The Washington Monument is open to tourists after three long years.
The 555-foot marble obelisk honoring America's first president reopened Thursday at 9 a.m. EDT after a three-year renovation project that included an update to its elevator system and built a new security screening facility.
Free same-day tickets for visits through Oct. 18 are available on a first-come, first-serve basis starting at 8:30 a.m. To obtain tickets, visit the Washington Monument Lodge.
For tours beyond Oct. 19, you can reserve tickets at www.recreation.gov. beginning Oct. 10 at 10 a.m. EDT.
Despite being out of commission, the monument still played a role in the capital's observation of the 50th anniversary of the moon landing in July. Footage of the Apollo 11 mission was projected onto its facade at nightfall.
The monument was designed by South Carolina architect Robert Mills and built by the U.S. Army Corps of Engineers in two phases, the first of which was privately funded.
According to the National Park Service, the widows of two Founding Fathers — Dolley Madison (wife of James Madison, the fourth president author of the Bill of Rights) and Eliza Hamilton — were among the 20,000 people who witnessed the laying of its first cornerstone on July 4, 1848. The latter helped raise funds to build the monument, a fact noted in the closing moments of the hit musical about her husband, Alexander Hamilton, the nation's first treasury secretary. (From the interior, visitors can see 193 commemorative stones, many from the project's early donors.)
Also on hand: Washington's step-grandson, George Washington Parke Custis, then-president James K. Polk and three future presidents: James Buchanan, Andrew Johnson and Abraham Lincoln.
Construction continued until 1854 when men associated with the Know-Nothing Party, a xenophobic and anti-Catholic political group, seized the reins at the Washington Monument Society, alienating donors and sending it into bankruptcy, the National Park Service noted. At the time construction shut down, the monument was less than halfway finished, standing just 156 feet above ground. Making matters worse, Mills died the following year and efforts to jump start construction failed in the face of the looming Civil War.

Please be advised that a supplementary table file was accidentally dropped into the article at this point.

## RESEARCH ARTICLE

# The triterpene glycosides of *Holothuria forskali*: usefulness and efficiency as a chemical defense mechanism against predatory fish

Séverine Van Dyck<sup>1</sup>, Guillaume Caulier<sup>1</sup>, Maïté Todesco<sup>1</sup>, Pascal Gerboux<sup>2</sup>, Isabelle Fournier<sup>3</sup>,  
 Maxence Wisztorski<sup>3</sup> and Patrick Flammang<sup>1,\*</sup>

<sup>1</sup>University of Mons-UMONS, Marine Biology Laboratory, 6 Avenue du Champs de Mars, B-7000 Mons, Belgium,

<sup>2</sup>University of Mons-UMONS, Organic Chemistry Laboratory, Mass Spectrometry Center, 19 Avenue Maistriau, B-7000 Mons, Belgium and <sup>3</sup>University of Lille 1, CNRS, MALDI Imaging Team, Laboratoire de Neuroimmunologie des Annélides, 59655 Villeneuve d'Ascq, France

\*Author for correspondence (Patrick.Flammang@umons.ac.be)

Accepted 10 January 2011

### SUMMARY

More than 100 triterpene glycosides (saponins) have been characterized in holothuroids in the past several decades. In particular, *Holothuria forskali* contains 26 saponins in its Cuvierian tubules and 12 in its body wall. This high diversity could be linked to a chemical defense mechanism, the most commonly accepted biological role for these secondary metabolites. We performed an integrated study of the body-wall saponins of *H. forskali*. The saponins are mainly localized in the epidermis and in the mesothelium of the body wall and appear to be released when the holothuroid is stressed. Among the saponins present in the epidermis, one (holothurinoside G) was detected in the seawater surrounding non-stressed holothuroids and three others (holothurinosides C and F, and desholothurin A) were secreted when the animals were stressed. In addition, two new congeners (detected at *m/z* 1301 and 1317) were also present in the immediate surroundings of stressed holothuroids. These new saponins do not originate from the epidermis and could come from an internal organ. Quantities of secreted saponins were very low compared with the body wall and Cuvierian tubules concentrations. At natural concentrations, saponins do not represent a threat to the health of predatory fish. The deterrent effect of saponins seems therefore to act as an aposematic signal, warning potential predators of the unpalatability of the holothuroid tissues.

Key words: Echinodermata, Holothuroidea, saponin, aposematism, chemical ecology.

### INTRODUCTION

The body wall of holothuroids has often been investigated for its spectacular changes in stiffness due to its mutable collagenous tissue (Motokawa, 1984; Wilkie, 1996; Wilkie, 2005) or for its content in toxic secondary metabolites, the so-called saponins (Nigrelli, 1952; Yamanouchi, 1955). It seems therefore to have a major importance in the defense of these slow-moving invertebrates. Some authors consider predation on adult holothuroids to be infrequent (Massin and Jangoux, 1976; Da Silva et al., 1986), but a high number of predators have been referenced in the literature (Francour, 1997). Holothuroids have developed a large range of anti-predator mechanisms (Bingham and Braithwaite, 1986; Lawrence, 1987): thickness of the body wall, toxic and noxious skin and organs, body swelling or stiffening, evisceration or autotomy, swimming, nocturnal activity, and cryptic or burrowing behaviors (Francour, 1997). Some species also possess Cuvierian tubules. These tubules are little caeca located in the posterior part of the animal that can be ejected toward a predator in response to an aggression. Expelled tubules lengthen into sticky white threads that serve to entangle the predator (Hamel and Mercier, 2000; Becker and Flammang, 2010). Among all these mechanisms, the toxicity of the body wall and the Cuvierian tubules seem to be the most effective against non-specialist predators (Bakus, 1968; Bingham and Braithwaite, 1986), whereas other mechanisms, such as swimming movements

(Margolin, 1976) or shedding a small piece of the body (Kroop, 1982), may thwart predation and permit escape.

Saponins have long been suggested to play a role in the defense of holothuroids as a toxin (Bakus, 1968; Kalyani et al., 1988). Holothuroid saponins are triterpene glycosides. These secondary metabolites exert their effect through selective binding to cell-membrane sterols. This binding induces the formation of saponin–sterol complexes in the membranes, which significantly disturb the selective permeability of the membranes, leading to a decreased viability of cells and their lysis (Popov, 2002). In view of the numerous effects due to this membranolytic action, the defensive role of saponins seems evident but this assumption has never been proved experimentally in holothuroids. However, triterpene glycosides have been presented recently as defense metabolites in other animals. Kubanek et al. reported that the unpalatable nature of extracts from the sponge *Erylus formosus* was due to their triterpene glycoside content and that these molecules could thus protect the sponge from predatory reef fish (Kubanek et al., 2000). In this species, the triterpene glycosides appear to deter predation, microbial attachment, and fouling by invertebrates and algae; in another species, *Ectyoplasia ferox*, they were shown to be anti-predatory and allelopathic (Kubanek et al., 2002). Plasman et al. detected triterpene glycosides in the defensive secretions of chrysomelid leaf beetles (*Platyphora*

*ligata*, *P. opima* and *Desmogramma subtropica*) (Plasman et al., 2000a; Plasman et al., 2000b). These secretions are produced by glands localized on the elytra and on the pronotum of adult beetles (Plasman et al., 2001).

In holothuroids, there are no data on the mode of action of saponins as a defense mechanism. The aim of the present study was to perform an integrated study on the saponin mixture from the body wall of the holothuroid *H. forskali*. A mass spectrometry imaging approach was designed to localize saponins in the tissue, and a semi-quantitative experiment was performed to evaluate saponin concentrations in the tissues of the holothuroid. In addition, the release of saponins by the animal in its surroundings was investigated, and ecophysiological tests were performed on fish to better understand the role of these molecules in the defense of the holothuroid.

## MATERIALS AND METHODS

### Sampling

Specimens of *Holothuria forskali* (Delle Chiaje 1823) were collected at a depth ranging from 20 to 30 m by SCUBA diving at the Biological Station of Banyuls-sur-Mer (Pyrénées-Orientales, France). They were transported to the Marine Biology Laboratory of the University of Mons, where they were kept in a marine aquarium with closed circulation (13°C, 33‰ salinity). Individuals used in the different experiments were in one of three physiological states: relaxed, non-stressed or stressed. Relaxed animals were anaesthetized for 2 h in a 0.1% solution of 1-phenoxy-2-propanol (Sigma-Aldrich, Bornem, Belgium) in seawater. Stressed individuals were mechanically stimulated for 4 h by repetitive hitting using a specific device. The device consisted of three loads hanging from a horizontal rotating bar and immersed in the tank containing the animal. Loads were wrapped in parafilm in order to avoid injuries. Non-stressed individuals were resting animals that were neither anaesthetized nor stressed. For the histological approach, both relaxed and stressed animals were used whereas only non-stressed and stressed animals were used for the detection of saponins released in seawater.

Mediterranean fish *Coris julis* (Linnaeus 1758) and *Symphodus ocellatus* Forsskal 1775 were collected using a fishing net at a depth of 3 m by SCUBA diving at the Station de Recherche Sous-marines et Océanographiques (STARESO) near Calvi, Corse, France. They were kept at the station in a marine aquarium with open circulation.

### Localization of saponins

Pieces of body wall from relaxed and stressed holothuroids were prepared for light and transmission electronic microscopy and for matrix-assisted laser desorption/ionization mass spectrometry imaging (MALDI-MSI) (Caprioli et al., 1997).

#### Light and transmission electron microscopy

Work didn't resume until 1876, when Congress took over the project. The Army Corps of Engineers soon ran into a new problem: the Baltimore-area quarry that supplied the marble for the first phase of construction was no longer available. The builders made do with stones from quarries in Massachusetts and Maryland for the upper two-thirds of the structure, but the stones never matched, which explains why visitors can still see visible lines today.
The team placed the 3,300-pound capstone on Dec. 6, 1884, and the monument was dedicated on Feb. 21, 1885, one day before George Washington's birthday. Its interior opened briefly to the public in 1886 before closing to better guard against vandals and install a steam-powered public elevator. It reopened in 1888; the elevator was later replaced with an electric model in 1901 that was modernized in the latest renovation project.
At 555 feet, 5 1/4 inches, the finished obelisk stood as the world's tallest structure until it was surpassed by the Eiffel Tower in 1889.
In recent years, the monument has also undergone restoration work to repair damage to its stones and mortar caused by an earthquake in August 2011.
Copyright 2019 USA TODAY. All rights reserved. From https://www.usatoday.com. By Jayme Deerwester.